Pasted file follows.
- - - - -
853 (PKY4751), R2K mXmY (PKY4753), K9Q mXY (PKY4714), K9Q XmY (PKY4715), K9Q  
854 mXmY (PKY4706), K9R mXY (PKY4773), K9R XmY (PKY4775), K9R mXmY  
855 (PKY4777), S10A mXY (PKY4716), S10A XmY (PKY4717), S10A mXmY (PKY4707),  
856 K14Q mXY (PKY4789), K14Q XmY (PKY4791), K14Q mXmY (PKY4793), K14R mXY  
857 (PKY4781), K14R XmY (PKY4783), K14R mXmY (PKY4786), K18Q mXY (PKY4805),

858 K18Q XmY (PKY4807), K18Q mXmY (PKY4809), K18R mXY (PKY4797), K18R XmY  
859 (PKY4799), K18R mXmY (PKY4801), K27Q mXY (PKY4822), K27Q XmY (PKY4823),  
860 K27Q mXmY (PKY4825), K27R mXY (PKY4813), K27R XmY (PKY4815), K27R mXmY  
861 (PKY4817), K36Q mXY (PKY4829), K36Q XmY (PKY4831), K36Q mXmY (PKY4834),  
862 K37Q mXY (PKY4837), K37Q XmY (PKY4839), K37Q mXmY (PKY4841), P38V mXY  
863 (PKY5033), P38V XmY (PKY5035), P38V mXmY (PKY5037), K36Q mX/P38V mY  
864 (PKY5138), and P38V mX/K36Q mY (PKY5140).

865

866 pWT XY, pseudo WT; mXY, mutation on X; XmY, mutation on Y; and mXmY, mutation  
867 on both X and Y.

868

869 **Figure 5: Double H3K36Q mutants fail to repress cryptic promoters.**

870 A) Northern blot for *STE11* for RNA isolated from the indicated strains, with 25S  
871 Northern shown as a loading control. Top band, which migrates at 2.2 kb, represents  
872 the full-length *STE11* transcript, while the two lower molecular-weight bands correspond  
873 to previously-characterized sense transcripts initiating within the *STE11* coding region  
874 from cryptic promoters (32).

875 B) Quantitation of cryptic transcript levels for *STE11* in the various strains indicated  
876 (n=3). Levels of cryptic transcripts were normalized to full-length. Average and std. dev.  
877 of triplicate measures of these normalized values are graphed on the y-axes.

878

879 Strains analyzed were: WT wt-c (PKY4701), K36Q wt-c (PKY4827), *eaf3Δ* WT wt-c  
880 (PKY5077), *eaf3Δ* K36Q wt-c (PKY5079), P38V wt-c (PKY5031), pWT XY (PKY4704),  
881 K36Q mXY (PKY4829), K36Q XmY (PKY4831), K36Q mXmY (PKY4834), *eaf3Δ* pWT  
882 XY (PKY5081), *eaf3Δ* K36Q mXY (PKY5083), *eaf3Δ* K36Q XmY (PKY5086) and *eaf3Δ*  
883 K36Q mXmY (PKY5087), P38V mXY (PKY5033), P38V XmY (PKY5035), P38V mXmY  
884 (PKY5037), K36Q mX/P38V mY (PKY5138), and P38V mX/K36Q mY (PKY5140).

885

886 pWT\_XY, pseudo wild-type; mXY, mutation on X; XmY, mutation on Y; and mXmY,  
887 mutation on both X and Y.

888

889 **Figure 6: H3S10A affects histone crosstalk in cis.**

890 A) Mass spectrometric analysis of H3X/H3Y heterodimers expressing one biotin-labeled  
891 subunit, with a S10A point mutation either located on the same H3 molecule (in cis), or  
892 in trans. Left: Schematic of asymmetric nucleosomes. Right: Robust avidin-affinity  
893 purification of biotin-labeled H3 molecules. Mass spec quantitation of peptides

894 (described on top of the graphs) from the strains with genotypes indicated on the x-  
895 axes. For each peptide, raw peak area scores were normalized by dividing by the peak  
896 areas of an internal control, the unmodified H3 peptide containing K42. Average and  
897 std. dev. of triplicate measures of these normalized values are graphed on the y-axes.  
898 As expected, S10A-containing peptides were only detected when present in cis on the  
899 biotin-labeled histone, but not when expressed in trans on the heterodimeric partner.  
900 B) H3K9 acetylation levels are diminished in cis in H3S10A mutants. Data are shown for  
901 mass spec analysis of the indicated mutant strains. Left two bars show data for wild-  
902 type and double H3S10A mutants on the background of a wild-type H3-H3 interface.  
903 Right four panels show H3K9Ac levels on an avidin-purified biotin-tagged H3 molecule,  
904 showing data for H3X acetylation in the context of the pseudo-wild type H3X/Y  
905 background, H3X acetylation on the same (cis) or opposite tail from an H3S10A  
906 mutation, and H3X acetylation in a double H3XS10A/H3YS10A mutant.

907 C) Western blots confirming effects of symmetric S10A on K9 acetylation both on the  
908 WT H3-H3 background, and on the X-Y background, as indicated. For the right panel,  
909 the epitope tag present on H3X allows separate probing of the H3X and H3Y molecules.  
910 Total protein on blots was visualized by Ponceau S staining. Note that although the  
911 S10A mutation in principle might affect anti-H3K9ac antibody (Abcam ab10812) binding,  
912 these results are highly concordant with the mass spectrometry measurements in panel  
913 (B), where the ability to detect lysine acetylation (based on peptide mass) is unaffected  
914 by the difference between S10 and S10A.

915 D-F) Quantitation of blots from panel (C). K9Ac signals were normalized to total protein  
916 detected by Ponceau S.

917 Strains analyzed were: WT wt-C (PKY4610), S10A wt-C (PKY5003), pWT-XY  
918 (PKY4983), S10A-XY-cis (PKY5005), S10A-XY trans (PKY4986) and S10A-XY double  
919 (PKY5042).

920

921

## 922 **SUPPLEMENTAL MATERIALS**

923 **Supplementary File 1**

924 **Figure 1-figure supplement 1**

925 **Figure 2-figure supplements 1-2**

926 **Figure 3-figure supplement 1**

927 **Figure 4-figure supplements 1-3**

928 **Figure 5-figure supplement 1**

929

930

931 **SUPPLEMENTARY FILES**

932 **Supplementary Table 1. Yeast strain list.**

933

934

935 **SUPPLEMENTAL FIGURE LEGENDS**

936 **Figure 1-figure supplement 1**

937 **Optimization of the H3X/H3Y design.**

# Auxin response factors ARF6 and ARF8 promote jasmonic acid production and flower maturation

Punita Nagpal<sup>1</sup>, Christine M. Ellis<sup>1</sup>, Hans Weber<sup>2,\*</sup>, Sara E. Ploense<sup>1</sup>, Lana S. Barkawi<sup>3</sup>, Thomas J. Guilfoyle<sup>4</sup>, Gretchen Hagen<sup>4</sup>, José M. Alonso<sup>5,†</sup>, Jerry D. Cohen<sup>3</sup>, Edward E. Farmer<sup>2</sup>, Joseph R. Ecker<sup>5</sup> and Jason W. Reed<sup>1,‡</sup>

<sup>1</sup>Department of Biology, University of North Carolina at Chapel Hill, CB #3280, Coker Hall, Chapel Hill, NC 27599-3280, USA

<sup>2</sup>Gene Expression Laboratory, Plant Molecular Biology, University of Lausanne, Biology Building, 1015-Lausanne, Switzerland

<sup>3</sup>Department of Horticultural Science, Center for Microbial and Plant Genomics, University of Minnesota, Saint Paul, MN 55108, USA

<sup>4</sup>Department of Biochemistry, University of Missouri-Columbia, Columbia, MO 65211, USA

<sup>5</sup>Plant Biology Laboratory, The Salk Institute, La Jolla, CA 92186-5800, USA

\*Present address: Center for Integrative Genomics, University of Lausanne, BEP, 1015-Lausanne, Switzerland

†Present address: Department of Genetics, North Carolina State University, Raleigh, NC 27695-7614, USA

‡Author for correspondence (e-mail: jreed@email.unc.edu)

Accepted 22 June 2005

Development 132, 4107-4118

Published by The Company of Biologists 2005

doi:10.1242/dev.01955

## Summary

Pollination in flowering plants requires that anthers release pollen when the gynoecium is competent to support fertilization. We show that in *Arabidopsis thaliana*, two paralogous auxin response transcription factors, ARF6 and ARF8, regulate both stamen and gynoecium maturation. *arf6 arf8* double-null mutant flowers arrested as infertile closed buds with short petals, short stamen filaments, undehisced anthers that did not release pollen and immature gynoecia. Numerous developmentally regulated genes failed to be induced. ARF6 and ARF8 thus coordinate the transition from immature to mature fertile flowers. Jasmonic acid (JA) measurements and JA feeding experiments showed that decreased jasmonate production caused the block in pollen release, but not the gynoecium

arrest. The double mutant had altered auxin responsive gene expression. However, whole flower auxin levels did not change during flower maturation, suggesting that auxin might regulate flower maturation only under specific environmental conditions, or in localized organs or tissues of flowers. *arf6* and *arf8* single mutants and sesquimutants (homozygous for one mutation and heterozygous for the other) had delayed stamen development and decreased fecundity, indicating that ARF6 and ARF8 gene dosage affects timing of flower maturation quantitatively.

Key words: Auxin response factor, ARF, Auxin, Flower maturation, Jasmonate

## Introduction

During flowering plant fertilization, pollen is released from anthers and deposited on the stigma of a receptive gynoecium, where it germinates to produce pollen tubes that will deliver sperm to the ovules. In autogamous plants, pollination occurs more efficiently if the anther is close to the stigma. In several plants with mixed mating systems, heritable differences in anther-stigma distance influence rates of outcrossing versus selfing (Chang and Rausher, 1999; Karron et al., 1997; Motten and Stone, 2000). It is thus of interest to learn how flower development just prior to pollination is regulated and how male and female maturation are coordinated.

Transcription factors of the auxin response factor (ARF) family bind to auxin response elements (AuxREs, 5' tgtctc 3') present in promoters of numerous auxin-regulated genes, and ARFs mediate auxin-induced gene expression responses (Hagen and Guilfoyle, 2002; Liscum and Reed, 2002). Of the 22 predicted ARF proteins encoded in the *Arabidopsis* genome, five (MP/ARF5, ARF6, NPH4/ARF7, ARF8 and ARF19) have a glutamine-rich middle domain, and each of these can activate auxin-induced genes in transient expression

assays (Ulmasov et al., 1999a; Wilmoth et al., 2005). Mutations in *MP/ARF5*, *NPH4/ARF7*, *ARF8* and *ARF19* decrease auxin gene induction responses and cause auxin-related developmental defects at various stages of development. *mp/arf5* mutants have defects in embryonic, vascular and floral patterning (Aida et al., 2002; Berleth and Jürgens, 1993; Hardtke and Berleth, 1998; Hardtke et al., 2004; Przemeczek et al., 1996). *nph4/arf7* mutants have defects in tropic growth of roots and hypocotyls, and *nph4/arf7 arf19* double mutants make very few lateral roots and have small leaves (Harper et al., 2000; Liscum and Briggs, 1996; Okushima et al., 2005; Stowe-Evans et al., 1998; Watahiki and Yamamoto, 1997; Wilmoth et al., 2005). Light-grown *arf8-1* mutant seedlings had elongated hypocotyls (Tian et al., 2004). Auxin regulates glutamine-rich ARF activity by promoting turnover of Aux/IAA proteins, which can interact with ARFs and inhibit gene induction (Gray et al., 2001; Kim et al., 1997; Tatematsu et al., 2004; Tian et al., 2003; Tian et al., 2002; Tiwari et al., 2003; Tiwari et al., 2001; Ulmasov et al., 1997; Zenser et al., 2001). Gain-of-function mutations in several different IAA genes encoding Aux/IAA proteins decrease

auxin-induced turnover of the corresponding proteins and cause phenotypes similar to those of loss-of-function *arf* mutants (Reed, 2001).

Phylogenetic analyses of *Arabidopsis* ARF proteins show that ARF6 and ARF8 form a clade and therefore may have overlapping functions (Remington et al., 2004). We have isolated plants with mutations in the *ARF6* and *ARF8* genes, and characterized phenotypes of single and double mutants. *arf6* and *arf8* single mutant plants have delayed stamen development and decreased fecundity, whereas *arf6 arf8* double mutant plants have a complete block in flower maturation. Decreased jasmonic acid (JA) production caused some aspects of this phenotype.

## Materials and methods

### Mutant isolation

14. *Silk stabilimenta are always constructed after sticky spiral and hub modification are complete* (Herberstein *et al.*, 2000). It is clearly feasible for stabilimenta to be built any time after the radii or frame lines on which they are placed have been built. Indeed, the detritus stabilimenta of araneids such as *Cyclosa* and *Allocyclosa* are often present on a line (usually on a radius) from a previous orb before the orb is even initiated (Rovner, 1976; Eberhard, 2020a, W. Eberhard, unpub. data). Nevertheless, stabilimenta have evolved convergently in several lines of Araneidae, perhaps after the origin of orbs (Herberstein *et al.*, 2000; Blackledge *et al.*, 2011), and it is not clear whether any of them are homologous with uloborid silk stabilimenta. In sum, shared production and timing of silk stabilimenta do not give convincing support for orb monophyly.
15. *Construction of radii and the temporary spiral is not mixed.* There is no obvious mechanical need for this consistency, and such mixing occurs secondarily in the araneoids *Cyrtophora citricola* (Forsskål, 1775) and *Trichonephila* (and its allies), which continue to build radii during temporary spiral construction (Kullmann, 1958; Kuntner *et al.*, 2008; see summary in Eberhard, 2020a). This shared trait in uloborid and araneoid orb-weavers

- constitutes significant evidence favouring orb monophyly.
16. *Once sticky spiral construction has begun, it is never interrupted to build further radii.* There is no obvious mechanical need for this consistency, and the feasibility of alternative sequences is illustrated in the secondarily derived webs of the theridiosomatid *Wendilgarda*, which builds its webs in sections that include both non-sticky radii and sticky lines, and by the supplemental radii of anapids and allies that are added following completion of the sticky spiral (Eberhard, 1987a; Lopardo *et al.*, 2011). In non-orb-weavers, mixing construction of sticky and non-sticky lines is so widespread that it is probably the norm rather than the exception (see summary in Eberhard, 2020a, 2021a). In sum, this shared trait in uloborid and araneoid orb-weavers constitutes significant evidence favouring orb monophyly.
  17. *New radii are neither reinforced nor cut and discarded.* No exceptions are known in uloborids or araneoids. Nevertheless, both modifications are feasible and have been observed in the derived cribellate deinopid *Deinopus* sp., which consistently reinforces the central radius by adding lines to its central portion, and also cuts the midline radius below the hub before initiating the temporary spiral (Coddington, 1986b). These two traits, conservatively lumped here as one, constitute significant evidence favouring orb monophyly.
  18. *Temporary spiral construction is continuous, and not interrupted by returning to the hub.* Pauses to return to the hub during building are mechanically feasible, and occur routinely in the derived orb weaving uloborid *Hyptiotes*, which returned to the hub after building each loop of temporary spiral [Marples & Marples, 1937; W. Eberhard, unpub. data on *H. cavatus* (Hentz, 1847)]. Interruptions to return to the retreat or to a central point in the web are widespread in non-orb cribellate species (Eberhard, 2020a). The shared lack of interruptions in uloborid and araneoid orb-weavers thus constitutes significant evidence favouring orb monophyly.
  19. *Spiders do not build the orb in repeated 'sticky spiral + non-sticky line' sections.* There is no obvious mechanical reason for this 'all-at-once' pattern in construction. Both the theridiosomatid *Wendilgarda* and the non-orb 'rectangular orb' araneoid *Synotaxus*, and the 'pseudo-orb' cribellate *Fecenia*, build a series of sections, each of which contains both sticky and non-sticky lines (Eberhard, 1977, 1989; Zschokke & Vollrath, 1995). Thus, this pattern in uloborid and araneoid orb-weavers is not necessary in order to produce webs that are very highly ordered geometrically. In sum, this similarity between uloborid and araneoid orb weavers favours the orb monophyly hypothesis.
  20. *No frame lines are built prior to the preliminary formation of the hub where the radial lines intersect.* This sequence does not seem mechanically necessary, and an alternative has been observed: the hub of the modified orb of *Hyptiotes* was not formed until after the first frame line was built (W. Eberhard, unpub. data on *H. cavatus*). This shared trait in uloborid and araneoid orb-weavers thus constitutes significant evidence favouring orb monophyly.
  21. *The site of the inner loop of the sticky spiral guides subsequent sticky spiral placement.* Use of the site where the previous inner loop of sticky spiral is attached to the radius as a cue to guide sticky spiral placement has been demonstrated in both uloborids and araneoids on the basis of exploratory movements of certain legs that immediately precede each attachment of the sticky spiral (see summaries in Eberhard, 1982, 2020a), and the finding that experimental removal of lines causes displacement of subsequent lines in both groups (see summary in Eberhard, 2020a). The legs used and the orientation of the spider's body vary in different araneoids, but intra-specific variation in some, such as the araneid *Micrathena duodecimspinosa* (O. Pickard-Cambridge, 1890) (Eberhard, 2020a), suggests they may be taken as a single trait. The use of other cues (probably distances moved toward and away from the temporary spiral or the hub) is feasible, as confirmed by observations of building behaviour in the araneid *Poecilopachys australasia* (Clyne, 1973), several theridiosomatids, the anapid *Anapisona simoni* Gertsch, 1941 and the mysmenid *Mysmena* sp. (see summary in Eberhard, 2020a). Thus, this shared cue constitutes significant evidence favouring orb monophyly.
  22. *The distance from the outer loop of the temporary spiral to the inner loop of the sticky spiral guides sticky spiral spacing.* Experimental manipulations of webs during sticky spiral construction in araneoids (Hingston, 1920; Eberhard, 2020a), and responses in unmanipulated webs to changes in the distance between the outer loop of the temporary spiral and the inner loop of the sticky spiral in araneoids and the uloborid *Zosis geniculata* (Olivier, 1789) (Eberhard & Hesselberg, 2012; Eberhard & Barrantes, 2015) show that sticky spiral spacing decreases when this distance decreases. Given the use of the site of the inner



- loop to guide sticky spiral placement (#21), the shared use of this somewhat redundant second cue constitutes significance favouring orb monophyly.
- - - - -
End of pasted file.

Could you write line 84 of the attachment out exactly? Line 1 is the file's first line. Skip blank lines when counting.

936 **Figure 1-figure supplement 1**